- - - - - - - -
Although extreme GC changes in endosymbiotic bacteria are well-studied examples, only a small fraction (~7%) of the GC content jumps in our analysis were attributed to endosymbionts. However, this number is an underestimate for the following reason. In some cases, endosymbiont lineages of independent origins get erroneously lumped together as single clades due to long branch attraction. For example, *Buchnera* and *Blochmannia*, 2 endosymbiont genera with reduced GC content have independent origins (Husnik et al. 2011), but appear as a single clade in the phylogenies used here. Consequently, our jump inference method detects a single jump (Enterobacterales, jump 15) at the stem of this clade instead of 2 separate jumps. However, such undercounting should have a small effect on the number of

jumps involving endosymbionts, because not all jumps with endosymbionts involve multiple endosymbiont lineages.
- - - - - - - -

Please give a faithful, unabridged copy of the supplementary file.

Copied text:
Although extreme GC changes in endosymbiotic bacteria are well-studied examples, only a small fraction (~7%) of the GC content jumps in our analysis were attributed to endosymbionts. However, this number is an underestimate for the following reason. In some cases, endosymbiont lineages of independent origins get erroneously lumped together as single clades due to long branch attraction. For example, *Buchnera* and *Blochmannia*, 2 endosymbiont genera with reduced GC content have independent origins (Husnik et al. 2011), but appear as a single clade in the phylogenies used here. Consequently, our jump inference method detects a single jump (Enterobacterales, jump 15) at the stem of this clade instead of 2 separate jumps. However, such undercounting should have a small effect on the number of

jumps involving endosymbionts, because not all jumps with endosymbionts involve multiple endosymbiont lineages.